The hormonal upheaval of puberty that coincides with the cutthroat social experiment known as high school can feel make you feel like a mutant. It’s not unusual during those years to grow a few inches overnight, have to switch from alto to tenor parts within a single song, and have to venture down unknown aisles of the drug store to combat the various fluids, smells, and hairs escaping from your previously predictable body.
So when the teens in the Seattle suburb of Charles Burns’ Black Hole (Pantheon 2005) begin contracting a mysterious, sexually-transmitted infection, it seems very fitting that the virus manifests itself as a mutation, something that is visible to other people and that, in many cases, is a reflection of the character of the infected person. (One character gets caught in a lie when the tiny mouth he’s grown on his chest spills the beans while he’s sleeping.) Those infected with this virus find themselves the objects of scorn, and many of them wind up living outside of society in the thick forest surrounding their suburban community.
This is a horror book — there is someone (something?) in the woods that is killing people, and the way in which “the bug” manifests itself smacks of the supernatural – but some of the scariest moments are less about the threat of bodily harm, and are more about the threat of losing control of your identity, and of being an outcast. This really comes out in the artwork. There are plenty of frightening images of violence, grotesque mutations, and other creepy things. But just as frightening are those images that are reminders of the difficulties that come with being young and middle-class in America – a close-up of a bad mustache, awkward sex, bad drug trips. Black Hole will make you cringe as much as it makes you scream.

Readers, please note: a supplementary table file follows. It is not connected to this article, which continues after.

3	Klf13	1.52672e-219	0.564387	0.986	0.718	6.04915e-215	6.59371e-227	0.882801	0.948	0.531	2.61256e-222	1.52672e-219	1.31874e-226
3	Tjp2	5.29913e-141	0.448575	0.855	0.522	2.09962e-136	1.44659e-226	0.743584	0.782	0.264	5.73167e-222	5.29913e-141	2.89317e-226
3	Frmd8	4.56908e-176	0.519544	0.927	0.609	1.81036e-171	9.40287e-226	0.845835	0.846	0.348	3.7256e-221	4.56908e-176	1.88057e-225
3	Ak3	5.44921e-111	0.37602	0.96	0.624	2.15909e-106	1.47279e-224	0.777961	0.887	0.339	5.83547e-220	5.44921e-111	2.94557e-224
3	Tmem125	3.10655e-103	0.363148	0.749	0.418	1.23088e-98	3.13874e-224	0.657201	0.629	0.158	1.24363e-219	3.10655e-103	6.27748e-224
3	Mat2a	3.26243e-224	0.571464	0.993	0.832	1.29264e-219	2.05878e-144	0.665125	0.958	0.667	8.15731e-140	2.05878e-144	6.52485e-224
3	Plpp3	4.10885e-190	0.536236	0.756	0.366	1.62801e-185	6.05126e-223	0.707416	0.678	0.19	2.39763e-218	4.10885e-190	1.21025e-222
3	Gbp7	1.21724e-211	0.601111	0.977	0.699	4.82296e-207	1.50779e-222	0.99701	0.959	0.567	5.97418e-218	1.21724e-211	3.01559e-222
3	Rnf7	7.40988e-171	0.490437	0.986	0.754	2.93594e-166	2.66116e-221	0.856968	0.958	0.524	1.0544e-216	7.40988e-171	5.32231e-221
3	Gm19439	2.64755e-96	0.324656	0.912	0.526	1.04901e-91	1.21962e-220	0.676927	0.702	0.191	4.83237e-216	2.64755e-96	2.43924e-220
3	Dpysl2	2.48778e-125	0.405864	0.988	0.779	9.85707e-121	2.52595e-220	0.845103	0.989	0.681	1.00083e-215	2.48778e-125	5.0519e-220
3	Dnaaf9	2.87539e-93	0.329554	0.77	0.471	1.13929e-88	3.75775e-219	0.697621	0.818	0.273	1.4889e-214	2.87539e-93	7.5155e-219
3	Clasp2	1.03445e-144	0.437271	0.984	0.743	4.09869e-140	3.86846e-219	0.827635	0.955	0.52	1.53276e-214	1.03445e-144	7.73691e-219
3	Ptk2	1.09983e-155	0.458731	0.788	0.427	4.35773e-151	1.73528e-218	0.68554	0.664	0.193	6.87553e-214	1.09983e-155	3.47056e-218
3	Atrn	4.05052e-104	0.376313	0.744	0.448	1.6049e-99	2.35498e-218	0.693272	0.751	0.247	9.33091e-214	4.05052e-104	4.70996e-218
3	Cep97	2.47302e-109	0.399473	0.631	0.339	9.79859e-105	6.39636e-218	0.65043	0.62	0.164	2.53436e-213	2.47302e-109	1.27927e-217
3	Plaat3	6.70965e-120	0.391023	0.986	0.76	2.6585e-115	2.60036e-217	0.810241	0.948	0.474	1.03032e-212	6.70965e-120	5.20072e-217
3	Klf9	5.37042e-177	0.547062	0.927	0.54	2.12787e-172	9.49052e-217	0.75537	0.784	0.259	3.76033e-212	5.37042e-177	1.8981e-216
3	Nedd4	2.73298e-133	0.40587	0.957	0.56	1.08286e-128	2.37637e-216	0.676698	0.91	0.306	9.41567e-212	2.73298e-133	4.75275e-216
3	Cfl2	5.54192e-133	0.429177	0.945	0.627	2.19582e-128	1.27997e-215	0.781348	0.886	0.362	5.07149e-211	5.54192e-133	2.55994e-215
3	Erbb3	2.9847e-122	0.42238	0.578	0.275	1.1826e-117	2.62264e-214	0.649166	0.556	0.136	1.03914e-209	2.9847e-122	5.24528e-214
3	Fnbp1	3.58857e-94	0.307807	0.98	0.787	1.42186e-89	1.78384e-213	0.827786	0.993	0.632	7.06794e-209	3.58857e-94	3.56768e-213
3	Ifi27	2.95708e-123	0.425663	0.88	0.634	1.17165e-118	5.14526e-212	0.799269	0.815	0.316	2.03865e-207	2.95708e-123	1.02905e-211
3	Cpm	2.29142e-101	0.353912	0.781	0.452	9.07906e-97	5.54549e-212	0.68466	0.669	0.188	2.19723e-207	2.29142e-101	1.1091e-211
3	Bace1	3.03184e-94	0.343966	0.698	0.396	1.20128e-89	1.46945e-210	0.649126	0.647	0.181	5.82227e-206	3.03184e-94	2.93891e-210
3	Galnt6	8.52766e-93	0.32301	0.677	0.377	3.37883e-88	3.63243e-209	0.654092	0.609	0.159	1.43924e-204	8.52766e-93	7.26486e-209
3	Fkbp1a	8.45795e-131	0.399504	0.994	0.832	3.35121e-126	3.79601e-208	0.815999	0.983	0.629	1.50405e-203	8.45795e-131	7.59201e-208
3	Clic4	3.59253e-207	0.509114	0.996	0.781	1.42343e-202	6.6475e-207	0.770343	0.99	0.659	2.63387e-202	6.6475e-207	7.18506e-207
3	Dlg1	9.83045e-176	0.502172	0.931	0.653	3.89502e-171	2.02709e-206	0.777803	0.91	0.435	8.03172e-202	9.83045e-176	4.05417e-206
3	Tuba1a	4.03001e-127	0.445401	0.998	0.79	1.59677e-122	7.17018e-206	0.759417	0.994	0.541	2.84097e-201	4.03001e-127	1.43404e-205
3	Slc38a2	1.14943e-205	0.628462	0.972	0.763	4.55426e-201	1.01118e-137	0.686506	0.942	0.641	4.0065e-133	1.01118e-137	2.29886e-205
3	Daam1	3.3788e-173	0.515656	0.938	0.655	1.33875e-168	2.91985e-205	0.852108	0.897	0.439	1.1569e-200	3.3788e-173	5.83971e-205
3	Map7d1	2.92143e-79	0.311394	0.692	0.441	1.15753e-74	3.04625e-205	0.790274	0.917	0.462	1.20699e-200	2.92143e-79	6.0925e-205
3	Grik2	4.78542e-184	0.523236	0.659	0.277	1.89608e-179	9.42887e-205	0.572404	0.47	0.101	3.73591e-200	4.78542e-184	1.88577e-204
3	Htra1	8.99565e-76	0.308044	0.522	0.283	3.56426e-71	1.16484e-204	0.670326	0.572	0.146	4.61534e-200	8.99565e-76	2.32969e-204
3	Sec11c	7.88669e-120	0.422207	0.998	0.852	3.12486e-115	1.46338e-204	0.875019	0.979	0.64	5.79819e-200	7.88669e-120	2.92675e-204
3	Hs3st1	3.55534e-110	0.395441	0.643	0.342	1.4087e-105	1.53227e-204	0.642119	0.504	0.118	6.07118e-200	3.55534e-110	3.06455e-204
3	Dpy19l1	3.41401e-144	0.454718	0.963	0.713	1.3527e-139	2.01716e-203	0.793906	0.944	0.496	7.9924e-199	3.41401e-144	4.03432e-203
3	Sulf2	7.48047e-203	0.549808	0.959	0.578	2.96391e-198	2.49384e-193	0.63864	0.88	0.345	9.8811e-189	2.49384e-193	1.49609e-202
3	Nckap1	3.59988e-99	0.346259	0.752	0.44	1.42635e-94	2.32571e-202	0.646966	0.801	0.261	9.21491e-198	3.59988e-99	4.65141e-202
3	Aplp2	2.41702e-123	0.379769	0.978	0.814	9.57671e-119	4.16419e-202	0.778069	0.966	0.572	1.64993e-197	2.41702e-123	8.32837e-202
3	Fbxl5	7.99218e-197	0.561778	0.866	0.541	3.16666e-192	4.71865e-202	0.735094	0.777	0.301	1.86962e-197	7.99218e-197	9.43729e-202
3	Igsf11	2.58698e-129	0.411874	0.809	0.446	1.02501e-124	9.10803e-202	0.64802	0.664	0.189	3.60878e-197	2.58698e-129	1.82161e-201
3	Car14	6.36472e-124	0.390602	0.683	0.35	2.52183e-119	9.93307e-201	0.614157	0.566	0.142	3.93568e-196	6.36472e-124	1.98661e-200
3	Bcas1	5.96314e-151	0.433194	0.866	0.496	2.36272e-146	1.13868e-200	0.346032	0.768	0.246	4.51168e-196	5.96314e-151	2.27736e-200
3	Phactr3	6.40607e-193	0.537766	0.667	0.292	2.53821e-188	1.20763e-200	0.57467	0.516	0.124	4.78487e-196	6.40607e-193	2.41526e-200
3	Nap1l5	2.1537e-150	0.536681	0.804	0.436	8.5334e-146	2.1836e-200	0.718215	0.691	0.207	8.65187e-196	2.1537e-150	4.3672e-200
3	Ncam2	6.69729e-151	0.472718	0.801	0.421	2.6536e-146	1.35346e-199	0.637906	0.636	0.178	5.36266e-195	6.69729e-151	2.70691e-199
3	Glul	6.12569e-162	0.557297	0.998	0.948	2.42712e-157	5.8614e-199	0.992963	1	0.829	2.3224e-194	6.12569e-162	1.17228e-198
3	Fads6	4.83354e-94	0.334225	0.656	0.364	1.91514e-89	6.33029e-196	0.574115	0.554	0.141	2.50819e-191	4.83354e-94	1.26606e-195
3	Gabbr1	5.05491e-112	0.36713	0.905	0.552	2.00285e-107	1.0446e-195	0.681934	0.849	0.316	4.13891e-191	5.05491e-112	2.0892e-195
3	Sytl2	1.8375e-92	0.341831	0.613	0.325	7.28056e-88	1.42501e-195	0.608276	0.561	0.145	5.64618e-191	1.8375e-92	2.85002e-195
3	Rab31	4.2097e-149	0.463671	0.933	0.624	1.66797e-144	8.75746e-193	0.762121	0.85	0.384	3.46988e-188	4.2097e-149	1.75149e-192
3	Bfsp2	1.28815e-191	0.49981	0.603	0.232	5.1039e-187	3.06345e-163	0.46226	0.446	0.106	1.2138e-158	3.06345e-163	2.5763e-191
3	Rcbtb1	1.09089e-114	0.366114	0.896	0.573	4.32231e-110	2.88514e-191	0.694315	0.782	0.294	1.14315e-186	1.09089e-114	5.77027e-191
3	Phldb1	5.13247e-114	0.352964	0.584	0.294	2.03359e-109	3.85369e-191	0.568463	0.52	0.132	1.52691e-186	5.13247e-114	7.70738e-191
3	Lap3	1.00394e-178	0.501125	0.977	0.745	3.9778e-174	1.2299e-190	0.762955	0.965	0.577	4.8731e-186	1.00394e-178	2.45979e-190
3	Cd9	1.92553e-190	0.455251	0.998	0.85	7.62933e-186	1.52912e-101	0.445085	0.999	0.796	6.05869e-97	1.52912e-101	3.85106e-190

This book was much more widely reviewed than most graphic novels and it won a couple of major awards, so there are plenty of good places to read about it online.
The Wikipedia entry is as good a place as any to start.
Time Magazine, of all publications, gave it a good treatment in Andrew Arnold’s review.
It’s always worth reading a negative review or two. Tim O’Neil describes Black Hole as monotonous and makes fun of Burns’ use of sexual imagery in his Pop Matters review. Ben Schwartz has some gripes in his Washington Post review; it isn’t exactly a bad review, but I think he misses the point.
By far, my favorite review was done by Douglas Wolk in Salon. Salon did comics fans a favor by including them in its book reviews way before many other respectable publications did. Wolk teases out some of the major themes and concerns raised by the book, and has some interesting things to say about the artwork itself.
Please join us at Lili Coffee Shop in Polish Hill at 6pm on August 20th to discuss Charles Burns’ Black Hole.